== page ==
The WikiLeaks document was speculative, since the Obama administration has never said how it planned to act once a final British court ruling was handed down. The United States ambassador to Britain, Louis B. Susman, has said that the Justice Department would “wait to see how things work out in the British courts” before making any move, and there have been reports in the past year of confidential meetings between American officials and the governments in London, Stockholm and Canberra concerning the Assange case.
According to leaked e-mails from the United States-based global intelligence company Stratfor, which has close links to the American government, a sealed indictment was issued in January 2011 against Mr. Assange by a federal grand jury sitting secretly in Alexandria, Virginia. The report was not confirmed by American officials.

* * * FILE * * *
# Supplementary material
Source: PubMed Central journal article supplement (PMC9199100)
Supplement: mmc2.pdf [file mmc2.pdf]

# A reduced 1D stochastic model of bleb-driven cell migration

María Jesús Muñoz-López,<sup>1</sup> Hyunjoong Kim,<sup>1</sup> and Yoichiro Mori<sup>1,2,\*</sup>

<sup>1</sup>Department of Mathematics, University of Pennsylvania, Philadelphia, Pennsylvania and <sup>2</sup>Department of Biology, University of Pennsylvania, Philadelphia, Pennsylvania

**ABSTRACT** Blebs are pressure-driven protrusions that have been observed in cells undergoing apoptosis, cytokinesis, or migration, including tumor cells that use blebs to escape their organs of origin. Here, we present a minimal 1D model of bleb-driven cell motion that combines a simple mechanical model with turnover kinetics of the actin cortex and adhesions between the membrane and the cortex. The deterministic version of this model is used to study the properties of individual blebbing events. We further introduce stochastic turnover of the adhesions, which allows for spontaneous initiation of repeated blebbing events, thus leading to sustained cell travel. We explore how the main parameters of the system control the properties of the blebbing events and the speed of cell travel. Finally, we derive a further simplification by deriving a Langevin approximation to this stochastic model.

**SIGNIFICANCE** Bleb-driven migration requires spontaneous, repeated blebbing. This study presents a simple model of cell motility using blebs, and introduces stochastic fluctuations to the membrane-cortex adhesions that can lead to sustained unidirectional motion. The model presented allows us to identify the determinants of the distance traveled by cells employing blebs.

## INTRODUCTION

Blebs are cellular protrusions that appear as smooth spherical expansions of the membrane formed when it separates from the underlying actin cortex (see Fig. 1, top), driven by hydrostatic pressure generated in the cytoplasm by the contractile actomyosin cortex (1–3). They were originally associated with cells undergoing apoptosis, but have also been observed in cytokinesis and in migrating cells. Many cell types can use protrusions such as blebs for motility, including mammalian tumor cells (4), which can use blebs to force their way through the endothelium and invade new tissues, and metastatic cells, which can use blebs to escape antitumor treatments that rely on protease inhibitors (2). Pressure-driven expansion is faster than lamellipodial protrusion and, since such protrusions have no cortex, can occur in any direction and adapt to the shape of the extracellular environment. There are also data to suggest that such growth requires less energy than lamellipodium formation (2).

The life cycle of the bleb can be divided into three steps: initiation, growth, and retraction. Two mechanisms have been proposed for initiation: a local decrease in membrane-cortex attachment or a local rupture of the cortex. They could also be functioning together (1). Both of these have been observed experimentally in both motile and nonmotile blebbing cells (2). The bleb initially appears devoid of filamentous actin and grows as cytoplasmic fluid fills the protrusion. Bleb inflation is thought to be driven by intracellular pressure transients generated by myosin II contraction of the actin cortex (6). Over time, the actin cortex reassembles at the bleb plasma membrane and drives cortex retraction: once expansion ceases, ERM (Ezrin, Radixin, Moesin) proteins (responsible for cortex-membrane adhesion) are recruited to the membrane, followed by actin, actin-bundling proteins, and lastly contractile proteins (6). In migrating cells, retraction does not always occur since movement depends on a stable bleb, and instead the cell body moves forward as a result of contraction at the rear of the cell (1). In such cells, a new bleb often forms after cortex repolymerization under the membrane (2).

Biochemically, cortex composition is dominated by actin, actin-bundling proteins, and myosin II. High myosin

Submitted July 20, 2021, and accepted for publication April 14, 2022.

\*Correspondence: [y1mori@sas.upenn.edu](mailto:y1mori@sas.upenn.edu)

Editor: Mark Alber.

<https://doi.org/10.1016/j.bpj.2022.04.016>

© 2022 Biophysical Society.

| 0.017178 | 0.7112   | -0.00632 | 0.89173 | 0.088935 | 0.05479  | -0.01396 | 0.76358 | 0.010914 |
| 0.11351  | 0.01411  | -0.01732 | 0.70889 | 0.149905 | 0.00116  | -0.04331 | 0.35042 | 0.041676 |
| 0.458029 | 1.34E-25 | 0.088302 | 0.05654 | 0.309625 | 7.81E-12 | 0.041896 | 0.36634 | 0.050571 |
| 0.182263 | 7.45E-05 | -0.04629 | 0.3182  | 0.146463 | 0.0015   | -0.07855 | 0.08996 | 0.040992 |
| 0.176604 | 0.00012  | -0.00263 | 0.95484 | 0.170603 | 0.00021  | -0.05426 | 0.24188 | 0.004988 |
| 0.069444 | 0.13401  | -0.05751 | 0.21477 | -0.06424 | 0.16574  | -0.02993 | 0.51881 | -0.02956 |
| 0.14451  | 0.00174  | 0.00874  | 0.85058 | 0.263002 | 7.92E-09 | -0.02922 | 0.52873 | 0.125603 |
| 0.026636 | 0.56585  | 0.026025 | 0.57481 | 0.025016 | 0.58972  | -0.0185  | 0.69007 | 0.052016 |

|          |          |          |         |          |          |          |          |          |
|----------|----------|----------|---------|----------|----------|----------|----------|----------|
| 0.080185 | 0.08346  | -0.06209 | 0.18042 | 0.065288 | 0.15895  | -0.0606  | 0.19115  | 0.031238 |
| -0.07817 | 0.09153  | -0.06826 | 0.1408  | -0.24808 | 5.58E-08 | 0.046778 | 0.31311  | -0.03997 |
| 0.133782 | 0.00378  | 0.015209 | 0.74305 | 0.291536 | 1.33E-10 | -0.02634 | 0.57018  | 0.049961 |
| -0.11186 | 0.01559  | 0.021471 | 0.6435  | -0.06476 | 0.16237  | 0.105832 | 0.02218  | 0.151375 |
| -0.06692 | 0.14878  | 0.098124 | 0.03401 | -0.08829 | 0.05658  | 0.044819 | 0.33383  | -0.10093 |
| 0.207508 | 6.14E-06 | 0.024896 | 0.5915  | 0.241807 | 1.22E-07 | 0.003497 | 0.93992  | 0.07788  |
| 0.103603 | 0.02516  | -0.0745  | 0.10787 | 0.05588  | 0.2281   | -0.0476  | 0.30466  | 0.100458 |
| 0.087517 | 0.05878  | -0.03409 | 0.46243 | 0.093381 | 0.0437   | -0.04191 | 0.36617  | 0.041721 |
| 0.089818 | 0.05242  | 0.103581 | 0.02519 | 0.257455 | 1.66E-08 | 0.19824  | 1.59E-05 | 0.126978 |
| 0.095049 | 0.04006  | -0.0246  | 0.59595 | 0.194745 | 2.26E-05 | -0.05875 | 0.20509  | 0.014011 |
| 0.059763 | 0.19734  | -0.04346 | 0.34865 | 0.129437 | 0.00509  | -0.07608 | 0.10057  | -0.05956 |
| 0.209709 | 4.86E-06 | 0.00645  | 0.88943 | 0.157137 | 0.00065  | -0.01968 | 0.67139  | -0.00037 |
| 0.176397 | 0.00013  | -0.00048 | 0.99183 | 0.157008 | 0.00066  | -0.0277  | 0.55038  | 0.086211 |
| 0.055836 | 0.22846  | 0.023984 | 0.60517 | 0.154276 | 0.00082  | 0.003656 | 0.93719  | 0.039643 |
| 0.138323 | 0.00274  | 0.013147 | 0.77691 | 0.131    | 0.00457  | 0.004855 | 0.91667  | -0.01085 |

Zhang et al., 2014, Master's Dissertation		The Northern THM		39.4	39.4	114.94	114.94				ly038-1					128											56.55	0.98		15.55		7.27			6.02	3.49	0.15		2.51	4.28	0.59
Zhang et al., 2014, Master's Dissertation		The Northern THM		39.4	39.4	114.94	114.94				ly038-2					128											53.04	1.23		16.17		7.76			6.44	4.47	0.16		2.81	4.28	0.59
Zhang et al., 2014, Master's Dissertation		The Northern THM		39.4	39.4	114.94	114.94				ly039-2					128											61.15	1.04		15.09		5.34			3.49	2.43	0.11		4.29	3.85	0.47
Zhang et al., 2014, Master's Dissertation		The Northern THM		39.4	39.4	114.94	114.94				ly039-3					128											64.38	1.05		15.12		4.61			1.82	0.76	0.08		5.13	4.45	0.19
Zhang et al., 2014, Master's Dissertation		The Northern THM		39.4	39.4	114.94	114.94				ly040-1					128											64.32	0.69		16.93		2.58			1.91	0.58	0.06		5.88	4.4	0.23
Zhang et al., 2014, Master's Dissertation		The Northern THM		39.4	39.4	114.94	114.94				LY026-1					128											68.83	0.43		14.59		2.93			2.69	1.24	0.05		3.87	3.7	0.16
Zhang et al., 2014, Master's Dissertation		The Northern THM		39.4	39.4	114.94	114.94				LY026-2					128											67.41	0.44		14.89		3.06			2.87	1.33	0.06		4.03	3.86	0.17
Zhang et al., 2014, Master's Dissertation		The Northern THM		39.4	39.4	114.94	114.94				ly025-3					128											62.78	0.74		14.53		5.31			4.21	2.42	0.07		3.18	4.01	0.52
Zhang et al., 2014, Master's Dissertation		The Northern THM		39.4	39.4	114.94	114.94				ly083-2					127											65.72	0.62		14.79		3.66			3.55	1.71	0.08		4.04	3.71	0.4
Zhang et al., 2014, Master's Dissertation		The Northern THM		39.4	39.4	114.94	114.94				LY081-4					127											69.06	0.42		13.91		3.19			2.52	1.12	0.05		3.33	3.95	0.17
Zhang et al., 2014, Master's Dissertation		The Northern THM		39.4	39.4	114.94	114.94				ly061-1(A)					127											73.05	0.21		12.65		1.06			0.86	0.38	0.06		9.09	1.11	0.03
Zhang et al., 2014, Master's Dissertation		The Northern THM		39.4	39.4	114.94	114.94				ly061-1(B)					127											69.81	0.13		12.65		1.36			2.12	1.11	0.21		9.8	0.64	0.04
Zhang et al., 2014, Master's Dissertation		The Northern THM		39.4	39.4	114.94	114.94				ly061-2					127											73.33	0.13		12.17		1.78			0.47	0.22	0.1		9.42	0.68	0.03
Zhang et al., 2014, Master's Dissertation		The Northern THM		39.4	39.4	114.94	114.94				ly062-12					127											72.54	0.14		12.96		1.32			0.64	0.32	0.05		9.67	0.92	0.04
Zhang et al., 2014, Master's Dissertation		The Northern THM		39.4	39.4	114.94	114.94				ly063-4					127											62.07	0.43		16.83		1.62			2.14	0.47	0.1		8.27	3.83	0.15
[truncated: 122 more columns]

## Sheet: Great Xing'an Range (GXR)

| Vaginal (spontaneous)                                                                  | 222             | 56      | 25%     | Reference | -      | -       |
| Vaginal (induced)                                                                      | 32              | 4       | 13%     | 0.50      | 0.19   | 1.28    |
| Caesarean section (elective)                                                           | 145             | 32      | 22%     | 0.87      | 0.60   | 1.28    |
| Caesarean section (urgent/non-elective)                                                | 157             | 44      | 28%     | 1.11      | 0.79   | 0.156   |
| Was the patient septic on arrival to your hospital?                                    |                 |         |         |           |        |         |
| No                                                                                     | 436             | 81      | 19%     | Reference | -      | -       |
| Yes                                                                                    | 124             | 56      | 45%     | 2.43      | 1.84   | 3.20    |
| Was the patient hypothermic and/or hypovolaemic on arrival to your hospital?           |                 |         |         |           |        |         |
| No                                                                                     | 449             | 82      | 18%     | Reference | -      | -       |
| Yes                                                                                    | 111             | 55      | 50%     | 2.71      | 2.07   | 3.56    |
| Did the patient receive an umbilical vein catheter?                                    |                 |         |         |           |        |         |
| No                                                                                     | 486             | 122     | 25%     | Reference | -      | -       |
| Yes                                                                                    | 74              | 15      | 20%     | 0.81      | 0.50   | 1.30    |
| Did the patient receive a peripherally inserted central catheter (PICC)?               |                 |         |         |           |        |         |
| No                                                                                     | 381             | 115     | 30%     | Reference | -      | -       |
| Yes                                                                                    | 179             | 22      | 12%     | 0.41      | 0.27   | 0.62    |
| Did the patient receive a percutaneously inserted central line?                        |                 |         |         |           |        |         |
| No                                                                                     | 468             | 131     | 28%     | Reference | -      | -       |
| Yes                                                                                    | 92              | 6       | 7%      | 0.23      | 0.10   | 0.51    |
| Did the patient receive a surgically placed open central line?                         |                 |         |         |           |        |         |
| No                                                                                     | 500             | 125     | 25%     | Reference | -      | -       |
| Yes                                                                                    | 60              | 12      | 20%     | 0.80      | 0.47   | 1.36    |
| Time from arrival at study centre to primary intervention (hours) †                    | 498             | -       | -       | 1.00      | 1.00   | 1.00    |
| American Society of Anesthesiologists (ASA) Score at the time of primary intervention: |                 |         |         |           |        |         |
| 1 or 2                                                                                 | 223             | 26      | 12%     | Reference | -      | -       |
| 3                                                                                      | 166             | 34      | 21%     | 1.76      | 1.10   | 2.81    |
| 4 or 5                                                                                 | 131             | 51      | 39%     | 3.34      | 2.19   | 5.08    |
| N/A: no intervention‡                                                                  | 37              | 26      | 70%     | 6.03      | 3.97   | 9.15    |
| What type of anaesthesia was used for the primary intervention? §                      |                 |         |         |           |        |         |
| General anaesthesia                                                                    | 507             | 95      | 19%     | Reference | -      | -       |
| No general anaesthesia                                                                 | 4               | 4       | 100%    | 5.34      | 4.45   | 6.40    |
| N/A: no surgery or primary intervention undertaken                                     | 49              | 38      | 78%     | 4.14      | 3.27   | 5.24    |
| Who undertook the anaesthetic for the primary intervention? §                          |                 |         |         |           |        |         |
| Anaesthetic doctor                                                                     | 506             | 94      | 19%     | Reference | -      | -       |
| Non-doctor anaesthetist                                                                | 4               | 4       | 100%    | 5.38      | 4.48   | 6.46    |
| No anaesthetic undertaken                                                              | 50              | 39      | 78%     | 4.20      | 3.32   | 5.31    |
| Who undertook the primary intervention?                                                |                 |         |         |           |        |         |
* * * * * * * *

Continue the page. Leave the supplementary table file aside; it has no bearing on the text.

Mr. Assange himself has repeatedly said that he regarded the Swedish sex allegations as a prelude to an American attempt to extradite him to the United States, and he has expressed anxiety about what, if any, option he would have, even if he beat the Swedish charges, of finding sanctuary elsewhere in the world where he would be beyond the reach of American law.
That fear found expression in the WikiLeaks statement ahead of the court decision in London. The statement said that Mr. Assange had been unable “to take steps” to avoid extradition to the United States — a phrase that appeared to mean that he could not leave Britain to seek a safe haven elsewhere because he has been detained for over 500 days under what amounted to a loose form of house arrest in Britain.